1.
Eye Bank Association of America, Annual Statistical Report.  Washington, DC Eye Bank Association of America2001;
2.
Michaeli-Cohen  ALambat  ALLoloma  FRootman  DS Two cases of a penetrating keratoplasty with tissue from a donor whohad undergone LASIK surgery. Cornea. 2002;21111- 113
PubMedArticle
3.
Ousley  PJTerry  MA Objective screening methods for prior refractive surgery in donor tissue. Cornea. 2002;21181- 188
PubMedArticle
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Ousley  PJTerry  MA Use of portable topography machine for screening donor tissue for priorrefractive surgery. Cornea. 2002;21745- 750
PubMedArticle
5.
Lim-Bon-Siong  RWilliams  JMSamapungphong  SChuck  RSPepose  JS Screening of myopic photorefractive keratectomy in eye bank eyes bycomputerized videokeratography. Arch Ophthalmol. 1998;116617- 623
PubMedArticle
6.
Stoiber  JRuckhofer  JHitzl  WGrabner  G Evaluation of donor tissue with a new video keratoscope: the KeratronScout. Cornea. 2001;20859- -863
PubMedArticle
7.
Merin  LMBrown  MFHowdeshell  LL Darkfield biomicrography of eye bank donor corneas. Cornea. 2001;20210- 213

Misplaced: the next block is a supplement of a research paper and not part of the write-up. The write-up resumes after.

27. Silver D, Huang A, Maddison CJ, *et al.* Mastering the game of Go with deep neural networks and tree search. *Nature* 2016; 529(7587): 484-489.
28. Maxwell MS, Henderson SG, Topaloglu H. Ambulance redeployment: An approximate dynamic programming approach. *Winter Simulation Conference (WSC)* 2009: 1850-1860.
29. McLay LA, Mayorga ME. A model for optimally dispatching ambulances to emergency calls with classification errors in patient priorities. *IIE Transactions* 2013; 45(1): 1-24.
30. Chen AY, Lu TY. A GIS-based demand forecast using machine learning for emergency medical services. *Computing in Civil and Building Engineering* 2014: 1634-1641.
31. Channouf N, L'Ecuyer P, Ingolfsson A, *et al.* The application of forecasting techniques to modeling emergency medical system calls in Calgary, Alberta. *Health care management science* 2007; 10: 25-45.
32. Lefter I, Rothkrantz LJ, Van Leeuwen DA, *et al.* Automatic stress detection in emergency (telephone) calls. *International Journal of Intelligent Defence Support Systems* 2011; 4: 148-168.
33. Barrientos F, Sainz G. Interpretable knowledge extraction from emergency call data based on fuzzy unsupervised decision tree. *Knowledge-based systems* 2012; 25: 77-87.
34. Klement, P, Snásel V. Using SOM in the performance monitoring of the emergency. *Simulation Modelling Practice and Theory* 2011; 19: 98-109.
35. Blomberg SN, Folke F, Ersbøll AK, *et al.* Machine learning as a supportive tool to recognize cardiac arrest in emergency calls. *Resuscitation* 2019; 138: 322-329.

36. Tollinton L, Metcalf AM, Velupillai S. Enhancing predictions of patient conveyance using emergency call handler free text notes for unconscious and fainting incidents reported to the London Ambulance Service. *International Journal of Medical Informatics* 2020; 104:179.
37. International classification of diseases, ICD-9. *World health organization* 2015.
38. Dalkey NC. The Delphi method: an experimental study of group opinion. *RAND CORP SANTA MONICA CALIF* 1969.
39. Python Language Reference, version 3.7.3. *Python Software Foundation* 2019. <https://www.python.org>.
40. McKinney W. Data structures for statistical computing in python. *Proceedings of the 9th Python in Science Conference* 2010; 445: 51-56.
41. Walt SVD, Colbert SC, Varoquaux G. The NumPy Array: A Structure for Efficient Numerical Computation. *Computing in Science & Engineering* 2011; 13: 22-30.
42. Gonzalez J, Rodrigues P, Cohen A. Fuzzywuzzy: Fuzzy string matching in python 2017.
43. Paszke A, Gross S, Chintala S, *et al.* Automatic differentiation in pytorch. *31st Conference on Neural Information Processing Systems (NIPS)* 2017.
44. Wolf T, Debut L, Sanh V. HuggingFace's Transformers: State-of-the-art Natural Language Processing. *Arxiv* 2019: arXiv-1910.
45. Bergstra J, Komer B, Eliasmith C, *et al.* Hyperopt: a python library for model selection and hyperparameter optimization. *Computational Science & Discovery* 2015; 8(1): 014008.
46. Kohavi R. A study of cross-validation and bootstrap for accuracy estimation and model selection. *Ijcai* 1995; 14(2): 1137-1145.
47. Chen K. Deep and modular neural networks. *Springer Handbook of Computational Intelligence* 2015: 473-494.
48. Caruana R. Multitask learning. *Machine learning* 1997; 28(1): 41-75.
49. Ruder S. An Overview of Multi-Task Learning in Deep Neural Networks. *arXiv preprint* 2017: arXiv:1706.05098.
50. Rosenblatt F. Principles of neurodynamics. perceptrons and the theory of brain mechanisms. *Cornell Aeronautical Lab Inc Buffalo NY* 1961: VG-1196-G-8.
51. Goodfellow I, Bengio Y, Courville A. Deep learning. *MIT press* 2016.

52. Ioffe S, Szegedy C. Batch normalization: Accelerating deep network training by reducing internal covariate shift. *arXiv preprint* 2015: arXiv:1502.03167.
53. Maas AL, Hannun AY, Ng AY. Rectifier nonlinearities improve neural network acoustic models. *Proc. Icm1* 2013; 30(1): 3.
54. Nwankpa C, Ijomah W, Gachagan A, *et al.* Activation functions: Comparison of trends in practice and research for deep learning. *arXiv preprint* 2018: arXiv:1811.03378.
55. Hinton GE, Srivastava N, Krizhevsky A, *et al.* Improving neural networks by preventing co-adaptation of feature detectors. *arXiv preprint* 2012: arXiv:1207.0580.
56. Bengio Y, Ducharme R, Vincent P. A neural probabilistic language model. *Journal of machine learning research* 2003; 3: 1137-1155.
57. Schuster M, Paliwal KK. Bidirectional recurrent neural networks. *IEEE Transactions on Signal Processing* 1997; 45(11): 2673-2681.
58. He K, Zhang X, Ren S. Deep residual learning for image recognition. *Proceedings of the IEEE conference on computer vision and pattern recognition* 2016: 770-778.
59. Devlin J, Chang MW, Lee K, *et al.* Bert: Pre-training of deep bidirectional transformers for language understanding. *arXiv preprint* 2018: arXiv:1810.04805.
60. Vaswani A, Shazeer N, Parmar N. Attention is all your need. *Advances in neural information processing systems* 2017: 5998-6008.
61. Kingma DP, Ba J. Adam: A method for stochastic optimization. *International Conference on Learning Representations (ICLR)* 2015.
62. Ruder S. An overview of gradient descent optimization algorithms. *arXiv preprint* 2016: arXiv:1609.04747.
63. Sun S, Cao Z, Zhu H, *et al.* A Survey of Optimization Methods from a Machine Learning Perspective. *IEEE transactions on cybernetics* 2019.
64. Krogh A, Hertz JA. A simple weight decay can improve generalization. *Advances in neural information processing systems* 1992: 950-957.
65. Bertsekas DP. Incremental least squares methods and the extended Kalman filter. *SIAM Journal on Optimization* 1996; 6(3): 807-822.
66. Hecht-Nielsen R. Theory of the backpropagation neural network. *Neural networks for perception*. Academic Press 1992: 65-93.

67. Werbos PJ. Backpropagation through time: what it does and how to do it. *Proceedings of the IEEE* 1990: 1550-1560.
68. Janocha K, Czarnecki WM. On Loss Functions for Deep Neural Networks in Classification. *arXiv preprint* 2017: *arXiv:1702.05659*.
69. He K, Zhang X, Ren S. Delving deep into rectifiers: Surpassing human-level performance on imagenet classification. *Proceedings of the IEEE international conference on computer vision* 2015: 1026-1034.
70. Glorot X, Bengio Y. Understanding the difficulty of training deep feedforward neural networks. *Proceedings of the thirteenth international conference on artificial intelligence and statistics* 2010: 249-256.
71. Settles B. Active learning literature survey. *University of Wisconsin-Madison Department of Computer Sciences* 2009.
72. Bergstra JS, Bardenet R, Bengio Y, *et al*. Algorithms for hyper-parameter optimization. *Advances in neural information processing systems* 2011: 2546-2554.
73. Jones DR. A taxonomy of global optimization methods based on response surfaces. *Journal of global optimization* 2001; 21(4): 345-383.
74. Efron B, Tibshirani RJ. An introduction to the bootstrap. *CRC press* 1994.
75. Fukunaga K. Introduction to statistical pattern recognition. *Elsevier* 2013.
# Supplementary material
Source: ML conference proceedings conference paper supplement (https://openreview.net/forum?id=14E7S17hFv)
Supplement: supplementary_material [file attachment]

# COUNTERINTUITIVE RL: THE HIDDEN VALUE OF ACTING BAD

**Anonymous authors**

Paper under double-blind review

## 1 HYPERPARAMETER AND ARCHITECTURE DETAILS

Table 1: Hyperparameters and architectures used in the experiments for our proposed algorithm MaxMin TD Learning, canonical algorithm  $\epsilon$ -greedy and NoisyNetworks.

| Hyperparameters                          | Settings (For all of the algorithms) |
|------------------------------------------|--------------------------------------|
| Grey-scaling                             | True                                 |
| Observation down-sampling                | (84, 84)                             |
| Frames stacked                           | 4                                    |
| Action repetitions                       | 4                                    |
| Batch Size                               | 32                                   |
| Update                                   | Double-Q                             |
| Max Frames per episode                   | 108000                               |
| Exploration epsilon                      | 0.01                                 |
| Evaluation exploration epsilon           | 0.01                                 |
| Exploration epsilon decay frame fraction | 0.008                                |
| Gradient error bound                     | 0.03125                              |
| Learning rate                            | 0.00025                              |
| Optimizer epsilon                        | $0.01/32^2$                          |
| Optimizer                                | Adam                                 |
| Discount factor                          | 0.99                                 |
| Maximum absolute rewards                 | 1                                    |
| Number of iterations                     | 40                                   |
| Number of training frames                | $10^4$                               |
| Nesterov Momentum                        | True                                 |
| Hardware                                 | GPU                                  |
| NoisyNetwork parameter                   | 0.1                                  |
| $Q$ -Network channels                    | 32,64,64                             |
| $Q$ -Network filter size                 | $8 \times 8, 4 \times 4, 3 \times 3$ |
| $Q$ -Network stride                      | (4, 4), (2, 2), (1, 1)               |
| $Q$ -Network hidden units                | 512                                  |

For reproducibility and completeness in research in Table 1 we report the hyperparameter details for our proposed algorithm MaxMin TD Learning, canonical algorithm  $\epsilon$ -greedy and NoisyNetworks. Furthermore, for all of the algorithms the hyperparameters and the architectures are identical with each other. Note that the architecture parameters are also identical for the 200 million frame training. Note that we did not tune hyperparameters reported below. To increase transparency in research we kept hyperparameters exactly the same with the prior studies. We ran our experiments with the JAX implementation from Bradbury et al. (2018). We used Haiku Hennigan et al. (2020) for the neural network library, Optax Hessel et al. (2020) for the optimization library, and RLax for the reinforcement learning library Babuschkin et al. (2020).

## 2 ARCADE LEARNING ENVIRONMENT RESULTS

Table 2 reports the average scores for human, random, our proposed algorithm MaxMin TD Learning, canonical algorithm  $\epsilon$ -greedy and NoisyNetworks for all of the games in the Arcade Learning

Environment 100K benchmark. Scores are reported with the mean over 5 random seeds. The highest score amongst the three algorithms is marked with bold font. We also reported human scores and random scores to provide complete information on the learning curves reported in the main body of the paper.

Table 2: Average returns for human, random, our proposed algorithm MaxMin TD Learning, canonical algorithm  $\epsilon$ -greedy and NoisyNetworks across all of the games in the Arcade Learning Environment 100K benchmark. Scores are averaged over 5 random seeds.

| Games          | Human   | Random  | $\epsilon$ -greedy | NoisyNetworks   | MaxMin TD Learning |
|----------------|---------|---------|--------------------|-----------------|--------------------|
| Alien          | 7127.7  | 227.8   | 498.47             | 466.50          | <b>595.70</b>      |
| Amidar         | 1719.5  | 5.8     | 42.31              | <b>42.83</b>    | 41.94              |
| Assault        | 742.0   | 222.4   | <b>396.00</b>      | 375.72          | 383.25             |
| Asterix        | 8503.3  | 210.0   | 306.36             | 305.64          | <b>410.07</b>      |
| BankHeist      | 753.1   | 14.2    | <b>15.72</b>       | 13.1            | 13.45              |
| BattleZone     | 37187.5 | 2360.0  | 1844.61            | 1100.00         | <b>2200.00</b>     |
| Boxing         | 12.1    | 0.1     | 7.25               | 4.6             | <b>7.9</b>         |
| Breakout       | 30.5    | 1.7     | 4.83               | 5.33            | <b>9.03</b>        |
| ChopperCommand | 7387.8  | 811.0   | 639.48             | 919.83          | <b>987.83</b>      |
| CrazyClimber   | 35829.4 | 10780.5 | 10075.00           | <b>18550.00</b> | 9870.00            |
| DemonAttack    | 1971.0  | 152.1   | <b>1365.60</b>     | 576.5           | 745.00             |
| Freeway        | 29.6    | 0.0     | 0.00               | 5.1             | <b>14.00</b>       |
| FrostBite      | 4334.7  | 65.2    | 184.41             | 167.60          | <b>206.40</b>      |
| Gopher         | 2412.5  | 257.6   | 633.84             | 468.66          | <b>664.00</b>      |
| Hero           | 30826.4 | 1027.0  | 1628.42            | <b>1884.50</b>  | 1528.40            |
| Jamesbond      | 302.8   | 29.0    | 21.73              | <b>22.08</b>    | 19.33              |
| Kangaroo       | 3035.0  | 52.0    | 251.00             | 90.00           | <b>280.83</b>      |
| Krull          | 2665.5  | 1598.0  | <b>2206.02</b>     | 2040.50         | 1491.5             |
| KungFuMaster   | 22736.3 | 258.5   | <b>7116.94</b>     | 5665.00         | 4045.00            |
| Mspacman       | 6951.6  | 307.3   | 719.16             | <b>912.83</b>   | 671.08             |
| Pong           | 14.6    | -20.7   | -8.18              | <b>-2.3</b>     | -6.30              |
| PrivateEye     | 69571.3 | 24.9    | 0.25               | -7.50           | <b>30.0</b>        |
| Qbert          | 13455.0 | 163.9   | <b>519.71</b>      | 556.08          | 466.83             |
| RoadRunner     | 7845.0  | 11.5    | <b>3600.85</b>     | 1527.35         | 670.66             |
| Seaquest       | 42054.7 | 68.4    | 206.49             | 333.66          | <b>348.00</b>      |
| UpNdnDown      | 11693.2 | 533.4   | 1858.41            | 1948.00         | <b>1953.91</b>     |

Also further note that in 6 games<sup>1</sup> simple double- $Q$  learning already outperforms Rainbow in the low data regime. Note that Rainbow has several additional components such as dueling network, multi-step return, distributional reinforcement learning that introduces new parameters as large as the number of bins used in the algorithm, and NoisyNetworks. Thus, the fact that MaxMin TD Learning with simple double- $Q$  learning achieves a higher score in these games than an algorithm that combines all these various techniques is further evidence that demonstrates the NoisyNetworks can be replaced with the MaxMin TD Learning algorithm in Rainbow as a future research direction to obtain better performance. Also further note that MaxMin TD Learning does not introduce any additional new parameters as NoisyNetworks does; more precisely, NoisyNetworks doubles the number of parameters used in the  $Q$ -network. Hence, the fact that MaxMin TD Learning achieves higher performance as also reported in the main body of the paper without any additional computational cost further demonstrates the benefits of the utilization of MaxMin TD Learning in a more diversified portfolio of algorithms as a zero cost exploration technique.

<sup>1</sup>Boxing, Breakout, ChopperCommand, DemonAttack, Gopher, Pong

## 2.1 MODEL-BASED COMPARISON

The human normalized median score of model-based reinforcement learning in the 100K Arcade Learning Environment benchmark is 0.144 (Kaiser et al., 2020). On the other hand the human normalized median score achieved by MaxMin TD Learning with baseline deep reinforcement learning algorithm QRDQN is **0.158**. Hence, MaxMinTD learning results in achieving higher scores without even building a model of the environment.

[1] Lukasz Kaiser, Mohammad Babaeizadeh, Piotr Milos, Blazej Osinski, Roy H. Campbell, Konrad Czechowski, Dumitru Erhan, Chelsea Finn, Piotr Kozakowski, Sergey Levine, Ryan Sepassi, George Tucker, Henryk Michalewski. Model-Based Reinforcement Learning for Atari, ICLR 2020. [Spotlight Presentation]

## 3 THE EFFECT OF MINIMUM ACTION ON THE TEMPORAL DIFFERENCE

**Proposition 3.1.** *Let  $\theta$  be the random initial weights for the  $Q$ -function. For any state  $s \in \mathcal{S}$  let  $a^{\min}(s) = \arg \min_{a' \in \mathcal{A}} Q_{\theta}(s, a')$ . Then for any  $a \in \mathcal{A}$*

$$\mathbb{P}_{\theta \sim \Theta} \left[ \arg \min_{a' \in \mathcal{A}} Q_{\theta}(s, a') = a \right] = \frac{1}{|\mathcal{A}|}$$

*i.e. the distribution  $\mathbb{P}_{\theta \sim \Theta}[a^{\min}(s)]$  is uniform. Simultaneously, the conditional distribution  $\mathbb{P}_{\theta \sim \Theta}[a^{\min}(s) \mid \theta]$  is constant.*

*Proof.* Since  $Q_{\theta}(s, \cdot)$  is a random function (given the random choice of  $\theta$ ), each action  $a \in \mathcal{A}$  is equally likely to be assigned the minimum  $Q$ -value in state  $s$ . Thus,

PubMedArticle
8.
Ogawa  GSHTruit  PWOtten  LJSoliz  PErry  GNemeth  SC Donor cornea characterization utilizing distorted grating-based wavefrontanalysis [abstract]. Invest Ophthalmol Vis Sci. 2001;42S898
9.
Priglinger  SGNeubauer  ASMay  CA  et al.  Optical coherence tomography for the detection of laser in situ keratomileusisin donor cornea. Cornea. 2003;2246- 50
PubMedArticle
10.
Pisella  PJAuzerie  OBokobza  YDebbasch  CBandouin  C Evaluation of corneal stromal changes in vivo after laser in situ keratomileusiswith confocal microscopy. Ophthalmology. 2001;1081744- 1750
PubMedArticle
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Gokmen  FJester  JVPetroll  WMMcCulley  JPCavanagh  HD In vivo confocal microscopy through-focusing to measure corneal flapthickness after laser in situ keratomileusis. J Cataract Refract Surg. 2002;28962- 970
PubMedArticle